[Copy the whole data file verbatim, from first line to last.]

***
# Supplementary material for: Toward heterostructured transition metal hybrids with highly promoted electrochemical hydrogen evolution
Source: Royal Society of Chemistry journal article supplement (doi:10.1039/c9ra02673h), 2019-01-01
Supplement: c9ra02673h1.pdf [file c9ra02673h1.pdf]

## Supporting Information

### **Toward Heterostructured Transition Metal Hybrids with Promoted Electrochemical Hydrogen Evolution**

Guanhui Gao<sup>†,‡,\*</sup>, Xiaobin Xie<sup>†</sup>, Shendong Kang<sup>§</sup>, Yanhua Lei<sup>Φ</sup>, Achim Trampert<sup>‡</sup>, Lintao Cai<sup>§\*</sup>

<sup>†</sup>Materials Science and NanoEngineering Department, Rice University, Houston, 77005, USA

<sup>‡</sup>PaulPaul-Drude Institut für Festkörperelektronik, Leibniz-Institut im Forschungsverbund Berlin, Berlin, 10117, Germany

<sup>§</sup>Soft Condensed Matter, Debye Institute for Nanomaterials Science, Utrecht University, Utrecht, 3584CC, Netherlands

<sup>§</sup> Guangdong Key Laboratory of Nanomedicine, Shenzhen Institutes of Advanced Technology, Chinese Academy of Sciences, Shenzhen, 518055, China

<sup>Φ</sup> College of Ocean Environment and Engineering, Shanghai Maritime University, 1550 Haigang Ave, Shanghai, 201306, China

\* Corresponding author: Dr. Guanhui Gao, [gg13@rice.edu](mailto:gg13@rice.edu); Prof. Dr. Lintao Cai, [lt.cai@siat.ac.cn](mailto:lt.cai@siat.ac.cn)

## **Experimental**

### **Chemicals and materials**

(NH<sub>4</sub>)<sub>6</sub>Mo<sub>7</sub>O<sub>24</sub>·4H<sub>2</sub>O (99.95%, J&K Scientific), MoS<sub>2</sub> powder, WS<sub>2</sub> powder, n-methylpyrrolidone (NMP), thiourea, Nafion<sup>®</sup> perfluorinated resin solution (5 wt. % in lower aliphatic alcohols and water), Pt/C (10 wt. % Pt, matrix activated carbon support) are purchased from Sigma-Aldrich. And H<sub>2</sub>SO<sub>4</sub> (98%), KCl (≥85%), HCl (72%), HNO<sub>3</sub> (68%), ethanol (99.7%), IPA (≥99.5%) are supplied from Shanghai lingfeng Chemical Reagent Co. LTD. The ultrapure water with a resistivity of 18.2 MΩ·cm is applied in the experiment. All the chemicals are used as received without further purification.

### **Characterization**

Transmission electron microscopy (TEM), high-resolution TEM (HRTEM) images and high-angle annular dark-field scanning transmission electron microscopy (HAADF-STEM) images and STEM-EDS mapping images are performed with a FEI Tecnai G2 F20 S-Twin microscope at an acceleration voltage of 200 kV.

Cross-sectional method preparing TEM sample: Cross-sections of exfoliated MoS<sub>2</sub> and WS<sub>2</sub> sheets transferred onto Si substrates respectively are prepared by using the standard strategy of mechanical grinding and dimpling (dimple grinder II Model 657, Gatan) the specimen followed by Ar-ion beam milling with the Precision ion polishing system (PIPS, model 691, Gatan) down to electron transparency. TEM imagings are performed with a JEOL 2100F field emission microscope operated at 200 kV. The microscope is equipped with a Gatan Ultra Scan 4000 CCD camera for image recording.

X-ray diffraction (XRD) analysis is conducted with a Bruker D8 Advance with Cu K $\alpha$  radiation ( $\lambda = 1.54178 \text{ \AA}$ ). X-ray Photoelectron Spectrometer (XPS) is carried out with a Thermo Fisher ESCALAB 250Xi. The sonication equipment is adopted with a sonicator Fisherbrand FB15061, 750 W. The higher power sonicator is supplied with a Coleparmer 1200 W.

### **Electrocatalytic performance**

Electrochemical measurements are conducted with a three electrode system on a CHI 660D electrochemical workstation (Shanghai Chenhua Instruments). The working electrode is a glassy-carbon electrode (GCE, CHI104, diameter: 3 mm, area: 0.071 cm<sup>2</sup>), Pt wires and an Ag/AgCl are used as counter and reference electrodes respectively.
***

# Supplementary material for: Toward heterostructured transition metal hybrids with highly promoted electrochemical hydrogen evolution
Source: Royal Society of Chemistry journal article supplement (doi:10.1039/c9ra02673h), 2019-01-01
Supplement: c9ra02673h1.pdf [file c9ra02673h1.pdf]

## Supporting Information

### **Toward Heterostructured Transition Metal Hybrids with Promoted Electrochemical Hydrogen Evolution**

Guanhui Gao<sup>†,‡,\*</sup>, Xiaobin Xie<sup>†</sup>, Shendong Kang<sup>§</sup>, Yanhua Lei<sup>Φ</sup>, Achim Trampert<sup>‡</sup>, Lintao Cai<sup>§\*</sup>

<sup>†</sup>Materials Science and NanoEngineering Department, Rice University, Houston, 77005, USA

<sup>‡</sup>PaulPaul-Drude Institut für Festkörperelektronik, Leibniz-Institut im Forschungsverbund Berlin, Berlin, 10117, Germany

<sup>§</sup>Soft Condensed Matter, Debye Institute for Nanomaterials Science, Utrecht University, Utrecht, 3584CC, Netherlands

<sup>§</sup> Guangdong Key Laboratory of Nanomedicine, Shenzhen Institutes of Advanced Technology, Chinese Academy of Sciences, Shenzhen, 518055, China

<sup>Φ</sup> College of Ocean Environment and Engineering, Shanghai Maritime University, 1550 Haigang Ave, Shanghai, 201306, China

\* Corresponding author: Dr. Guanhui Gao, [gg13@rice.edu](mailto:gg13@rice.edu); Prof. Dr. Lintao Cai, [lt.cai@siat.ac.cn](mailto:lt.cai@siat.ac.cn)

## **Experimental**

### **Chemicals and materials**

(NH<sub>4</sub>)<sub>6</sub>Mo<sub>7</sub>O<sub>24</sub>·4H<sub>2</sub>O (99.95%, J&K Scientific), MoS<sub>2</sub> powder, WS<sub>2</sub> powder, n-methylpyrrolidone (NMP), thiourea, Nafion<sup>®</sup> perfluorinated resin solution (5 wt. % in lower aliphatic alcohols and water), Pt/C (10 wt. % Pt, matrix activated carbon support) are purchased from Sigma-Aldrich. And H<sub>2</sub>SO<sub>4</sub> (98%), KCl (≥85%), HCl (72%), HNO<sub>3</sub> (68%), ethanol (99.7%), IPA (≥99.5%) are supplied from Shanghai lingfeng Chemical Reagent Co. LTD. The ultrapure water with a resistivity of 18.2 MΩ·cm is applied in the experiment. All the chemicals are used as received without further purification.

### **Characterization**

Transmission electron microscopy (TEM), high-resolution TEM (HRTEM) images and high-angle annular dark-field scanning transmission electron microscopy (HAADF-STEM) images and STEM-EDS mapping images are performed with a FEI Tecnai G2 F20 S-Twin microscope at an acceleration voltage of 200 kV.

Cross-sectional method preparing TEM sample: Cross-sections of exfoliated MoS<sub>2</sub> and WS<sub>2</sub> sheets transferred onto Si substrates respectively are prepared by using the standard strategy of mechanical grinding and dimpling (dimple grinder II Model 657, Gatan) the specimen followed by Ar-ion beam milling with the Precision ion polishing system (PIPS, model 691, Gatan) down to electron transparency. TEM imagings are performed with a JEOL 2100F field emission microscope operated at 200 kV. The microscope is equipped with a Gatan Ultra Scan 4000 CCD camera for image recording.

X-ray diffraction (XRD) analysis is conducted with a Bruker D8 Advance with Cu K $\alpha$  radiation ( $\lambda = 1.54178 \text{ \AA}$ ). X-ray Photoelectron Spectrometer (XPS) is carried out with a Thermo Fisher ESCALAB 250Xi. The sonication equipment is adopted with a sonicator Fisherbrand FB15061, 750 W. The higher power sonicator is supplied with a Coleparmer 1200 W.

### **Electrocatalytic performance**

Electrochemical measurements are conducted with a three electrode system on a CHI 660D electrochemical workstation (Shanghai Chenhua Instruments). The working electrode is a glassy-carbon electrode (GCE, CHI104, diameter: 3 mm, area: 0.071 cm<sup>2</sup>), Pt wires and an Ag/AgCl are used as counter and reference electrodes respectively.